A first person account of coping with this unfamiliar condition.
"Oh no, not again," was my initial reaction when the doctor informed me of my latest diagnosis. Having successfully coped with years of surgery, braces, wheelchairs and rehabilitation, and being a nine-year cancer survivor, I didn't how well I'd handle living with yet another disease.
For three years, denial of my symptoms had exacerbated to the point that I finally landed in the neurologist's office. Intensive detective work on his part gave me the name for the increasing numbness, pain and parasthesias that were affecting my feet and hands-peripheral neuropathy.
Determining the Cause
Diabetes is a major cause of neuropathy, accounting for about one-third of cases. Other lesser known, but common causes are the result of alcoholism and metallic poisons, as well as nutritional deficiencies. Radiation treatments can sometimes trigger neuropathy years later.
Since my cancer was treated with surgeries, radiation was ruled out as a cause. Because no cause could be found, I—like one-third of all people living with neuropathy—was diagnosed with idiopathic peripheral neuropathy.
Norma Latov, MD, PhD, medical director of the Neuropathy Association said in a recent article that "having idiopathic neuropathy is a bit like being in between limbo and purgatory; You're not quite sure how you got there or when it will ever end."
Since it is not always recognized, peripheral neuropathy has been called "the silent disease". Though not a rare condition, it is listed in the National Organization for Rare Diseases because of the many requests for information that the organization receives. Information on peripheral neuropathy is hard to come by and is not often written about in lay publications. It has been estimated that about two million persons in the United States live with this disorder.
Polyneuropathy is an umbrella term for most neuropathies. It means that the condition is diffuse and symmetric usually beginning in the hands and feet. Some neuropathies develop gradually over many years while others have a sudden onset.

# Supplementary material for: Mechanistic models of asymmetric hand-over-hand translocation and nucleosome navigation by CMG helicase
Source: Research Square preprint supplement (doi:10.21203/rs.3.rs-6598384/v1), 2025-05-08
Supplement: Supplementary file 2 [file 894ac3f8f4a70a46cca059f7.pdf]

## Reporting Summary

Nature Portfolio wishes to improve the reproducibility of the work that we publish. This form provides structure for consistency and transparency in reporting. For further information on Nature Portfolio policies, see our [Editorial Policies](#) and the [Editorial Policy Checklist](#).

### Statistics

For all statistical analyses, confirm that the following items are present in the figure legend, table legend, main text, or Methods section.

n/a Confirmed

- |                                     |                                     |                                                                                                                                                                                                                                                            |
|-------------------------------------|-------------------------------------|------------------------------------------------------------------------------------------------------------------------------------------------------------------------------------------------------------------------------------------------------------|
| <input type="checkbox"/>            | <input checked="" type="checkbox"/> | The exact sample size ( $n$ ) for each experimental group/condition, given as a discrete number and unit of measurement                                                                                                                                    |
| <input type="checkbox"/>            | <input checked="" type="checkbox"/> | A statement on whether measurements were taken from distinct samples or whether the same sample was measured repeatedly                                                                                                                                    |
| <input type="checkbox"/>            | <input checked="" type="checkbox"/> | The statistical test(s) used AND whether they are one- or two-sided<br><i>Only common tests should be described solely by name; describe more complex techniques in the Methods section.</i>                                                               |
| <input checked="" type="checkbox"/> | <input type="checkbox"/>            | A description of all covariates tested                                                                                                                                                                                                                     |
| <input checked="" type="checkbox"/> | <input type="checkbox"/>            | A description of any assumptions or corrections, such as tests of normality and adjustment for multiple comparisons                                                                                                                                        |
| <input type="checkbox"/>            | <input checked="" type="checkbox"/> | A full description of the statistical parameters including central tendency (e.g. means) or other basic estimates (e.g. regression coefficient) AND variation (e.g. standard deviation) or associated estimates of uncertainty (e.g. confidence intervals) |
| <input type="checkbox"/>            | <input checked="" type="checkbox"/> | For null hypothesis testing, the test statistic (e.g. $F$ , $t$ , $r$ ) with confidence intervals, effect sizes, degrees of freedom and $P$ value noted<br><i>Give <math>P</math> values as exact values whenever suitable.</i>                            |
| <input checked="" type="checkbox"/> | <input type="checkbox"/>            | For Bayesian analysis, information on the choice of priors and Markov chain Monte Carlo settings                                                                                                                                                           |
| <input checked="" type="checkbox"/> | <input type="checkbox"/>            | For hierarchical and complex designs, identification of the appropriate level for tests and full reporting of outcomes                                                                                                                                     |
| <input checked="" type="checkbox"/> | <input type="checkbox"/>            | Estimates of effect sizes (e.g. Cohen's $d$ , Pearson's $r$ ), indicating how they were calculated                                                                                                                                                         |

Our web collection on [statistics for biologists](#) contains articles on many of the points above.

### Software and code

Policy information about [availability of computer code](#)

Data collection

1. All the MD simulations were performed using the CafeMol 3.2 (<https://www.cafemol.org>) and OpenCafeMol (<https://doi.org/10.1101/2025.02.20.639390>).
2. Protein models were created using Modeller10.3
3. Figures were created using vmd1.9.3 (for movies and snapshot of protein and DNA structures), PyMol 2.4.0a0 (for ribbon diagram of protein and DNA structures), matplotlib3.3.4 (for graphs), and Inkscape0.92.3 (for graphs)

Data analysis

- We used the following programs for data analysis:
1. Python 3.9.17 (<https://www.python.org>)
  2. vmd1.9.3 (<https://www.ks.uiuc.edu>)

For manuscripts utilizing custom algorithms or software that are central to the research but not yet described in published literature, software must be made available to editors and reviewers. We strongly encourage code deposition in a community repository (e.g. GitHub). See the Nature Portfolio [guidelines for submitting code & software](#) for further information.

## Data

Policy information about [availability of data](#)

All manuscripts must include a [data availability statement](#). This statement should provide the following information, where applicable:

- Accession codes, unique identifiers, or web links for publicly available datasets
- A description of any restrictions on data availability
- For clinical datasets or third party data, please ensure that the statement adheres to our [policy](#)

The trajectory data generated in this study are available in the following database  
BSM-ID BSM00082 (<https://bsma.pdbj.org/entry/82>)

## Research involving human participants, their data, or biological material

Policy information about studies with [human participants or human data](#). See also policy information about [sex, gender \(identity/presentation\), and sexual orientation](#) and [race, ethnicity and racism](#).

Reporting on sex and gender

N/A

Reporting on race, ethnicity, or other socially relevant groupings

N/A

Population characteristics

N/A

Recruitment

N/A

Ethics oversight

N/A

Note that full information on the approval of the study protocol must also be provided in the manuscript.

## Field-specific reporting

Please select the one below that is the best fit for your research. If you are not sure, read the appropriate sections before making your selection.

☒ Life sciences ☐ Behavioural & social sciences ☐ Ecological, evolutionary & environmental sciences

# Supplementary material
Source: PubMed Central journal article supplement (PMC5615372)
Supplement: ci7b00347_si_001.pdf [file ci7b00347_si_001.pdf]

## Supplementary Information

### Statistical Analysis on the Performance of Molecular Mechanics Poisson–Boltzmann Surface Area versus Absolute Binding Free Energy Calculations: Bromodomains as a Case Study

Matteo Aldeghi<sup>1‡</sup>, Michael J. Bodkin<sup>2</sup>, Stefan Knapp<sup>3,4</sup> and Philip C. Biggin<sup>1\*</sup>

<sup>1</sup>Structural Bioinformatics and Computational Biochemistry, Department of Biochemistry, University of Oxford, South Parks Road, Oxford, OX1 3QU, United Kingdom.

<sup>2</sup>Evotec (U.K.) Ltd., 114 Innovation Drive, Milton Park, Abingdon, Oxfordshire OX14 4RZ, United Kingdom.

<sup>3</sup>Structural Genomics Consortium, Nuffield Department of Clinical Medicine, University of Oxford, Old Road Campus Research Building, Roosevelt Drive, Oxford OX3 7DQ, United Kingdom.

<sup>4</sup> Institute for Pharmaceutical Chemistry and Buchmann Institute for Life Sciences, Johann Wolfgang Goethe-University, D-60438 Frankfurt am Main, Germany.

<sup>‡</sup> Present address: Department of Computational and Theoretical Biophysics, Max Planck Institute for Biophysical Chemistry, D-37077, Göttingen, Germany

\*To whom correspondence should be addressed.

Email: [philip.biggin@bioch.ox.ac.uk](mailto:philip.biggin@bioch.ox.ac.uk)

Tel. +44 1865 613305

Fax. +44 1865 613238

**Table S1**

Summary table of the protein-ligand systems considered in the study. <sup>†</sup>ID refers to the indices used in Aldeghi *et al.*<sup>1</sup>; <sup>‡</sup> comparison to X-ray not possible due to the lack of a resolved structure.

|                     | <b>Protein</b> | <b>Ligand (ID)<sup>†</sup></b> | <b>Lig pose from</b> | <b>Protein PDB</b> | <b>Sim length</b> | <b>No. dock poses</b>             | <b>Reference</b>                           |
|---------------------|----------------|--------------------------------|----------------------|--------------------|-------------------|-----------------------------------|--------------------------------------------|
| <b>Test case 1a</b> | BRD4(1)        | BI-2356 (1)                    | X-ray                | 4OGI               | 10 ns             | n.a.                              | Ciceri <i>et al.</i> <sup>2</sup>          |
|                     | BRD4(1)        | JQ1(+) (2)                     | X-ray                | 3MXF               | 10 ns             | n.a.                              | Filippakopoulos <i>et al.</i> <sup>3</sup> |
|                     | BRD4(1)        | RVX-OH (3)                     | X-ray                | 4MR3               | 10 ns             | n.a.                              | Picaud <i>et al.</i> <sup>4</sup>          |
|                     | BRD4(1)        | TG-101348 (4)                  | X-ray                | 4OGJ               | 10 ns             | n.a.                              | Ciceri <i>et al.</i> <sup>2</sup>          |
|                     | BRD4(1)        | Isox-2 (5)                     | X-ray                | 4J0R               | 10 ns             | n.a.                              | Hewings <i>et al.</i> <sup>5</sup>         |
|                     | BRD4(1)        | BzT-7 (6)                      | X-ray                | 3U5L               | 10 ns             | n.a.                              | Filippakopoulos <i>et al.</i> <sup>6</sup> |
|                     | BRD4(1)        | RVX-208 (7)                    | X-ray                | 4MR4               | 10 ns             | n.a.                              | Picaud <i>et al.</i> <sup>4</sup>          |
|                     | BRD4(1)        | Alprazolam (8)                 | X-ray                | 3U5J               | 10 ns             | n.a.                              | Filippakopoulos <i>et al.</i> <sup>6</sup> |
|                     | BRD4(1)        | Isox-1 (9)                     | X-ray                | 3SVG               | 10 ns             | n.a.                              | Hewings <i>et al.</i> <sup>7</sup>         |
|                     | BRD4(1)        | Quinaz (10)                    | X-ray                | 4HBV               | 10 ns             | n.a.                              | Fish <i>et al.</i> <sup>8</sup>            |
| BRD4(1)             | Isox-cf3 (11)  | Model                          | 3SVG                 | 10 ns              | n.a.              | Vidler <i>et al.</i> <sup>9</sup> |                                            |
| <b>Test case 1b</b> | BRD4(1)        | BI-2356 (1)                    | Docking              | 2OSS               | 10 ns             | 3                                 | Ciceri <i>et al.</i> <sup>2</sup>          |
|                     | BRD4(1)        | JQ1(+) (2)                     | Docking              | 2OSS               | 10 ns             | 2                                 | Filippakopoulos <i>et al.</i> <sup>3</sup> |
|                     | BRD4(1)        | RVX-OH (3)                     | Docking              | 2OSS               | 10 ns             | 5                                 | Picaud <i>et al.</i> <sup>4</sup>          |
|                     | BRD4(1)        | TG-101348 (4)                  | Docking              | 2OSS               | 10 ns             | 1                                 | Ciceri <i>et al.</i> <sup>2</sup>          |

Signs of Polyneuropathy
There are many symptoms related to this disorder. Below are a few that are more prevalent:
- Weakness. Involves damage to motor nerves. Symptoms in the lower extremities include difficulty in walking or a "heavy" feeling requiring extra energy to climb stairs, stumbling or early fatigue. In the upper extremities, symptoms include difficulty with ADL, such as carrying, opening jars, doorknobs, combing hair and dropping things.
- Parasthesias. Includes numbness; tingling; pins and needles; prickling; burning; coldness; sharp, deep stabbing pains; electric shocks or buzzing sensations, usually worse at night; formication (abnormal sensation of insects crawling over or into the skin).
- Dysesthesias. Unpleasant, abnormal sensations caused by touching the affected areas of the body.
- Anesthesia. Total or partial loss of sensation may cause cuts, bruises or burns to occur.
- Loss of position sense. Persons experiencing this symptom may not be sure of where their feet are. This results in the person appearing uncoordinated or walking a widened base or an unsteady, ataxic like gait.
- Glove or stocking sensation loss.
- Automatic dysfunction. May cause dizziness when rising from a chair, constipation, diarrhea, sexual dysfunction or skin fragility resulting in easy bruising and slow healing. Vasomotor and trophic disturbances may also occur, notable nail changes, loss of perspiration and occasional hair loss over dermatomes in the leg.
Though a PN diagnosis is difficult it can be made through a careful history, neurological examination, EMG and nerve conduction studies, nerve and muscle biopsy, spinal tap, blood and blood and urine tests.
Idiopathic neuropathies are mostly sensory-related and associated with degeneration of the axons rather than the myelin sheaths. Idiopathic small fiber sensory neuropathy can be particularly difficult to recognize or diagnose. Although it can cause hypersensitivity and severe pain, neurological exams often show minimal loss of sensation. EMG and nerve conduction tests which exam large fibers only can also be performed. Unfortunately, the diagnosis may still be missed resulting in a misdiagnosis of hysteria or depression.
Misdiagnosis of PN can lead to a vicious cycle which includes delay in seeking and procuring proper treatment. Early diagnosis is important, since the less damage that occurs the better the prospects of recovery.
OT and PT can slow, halt or reverse the neurological damage of PN. Once damage is stopped nerves can regenerate although complete recovery may not always occur. Orthotic devices can help maintain strength and function. In my case, wrist and hand splints are helping me type and operate my motorized wheelchair.
Controlling pain from neuropathy is not easy. Some find relief with low doses of the antidepressant Elavil (25-50 mg.) at bedtime. Capsaicin cream, an extract of the pepper plant, is sometimes helpful. The irritation of the pepper acts to deplete the supply of a nerve transmitter known as substance P.
Neurontin, a drug originally developed as an anti-seizure medication, has also been used with some success. A study in the Dec. 2, 1998 edition of the Journal of the American Medical Association showed that the drug, especially in cases of diabetic neuropathy, has given some relief and is also used in idiopathic PN. Topomox, another anti-seizure drug is also being used in some cases.
Ruth Krinsky, OTR/L, MA holds degrees in journalism and occupational therapy. She is a field correspondent for ADVANCE.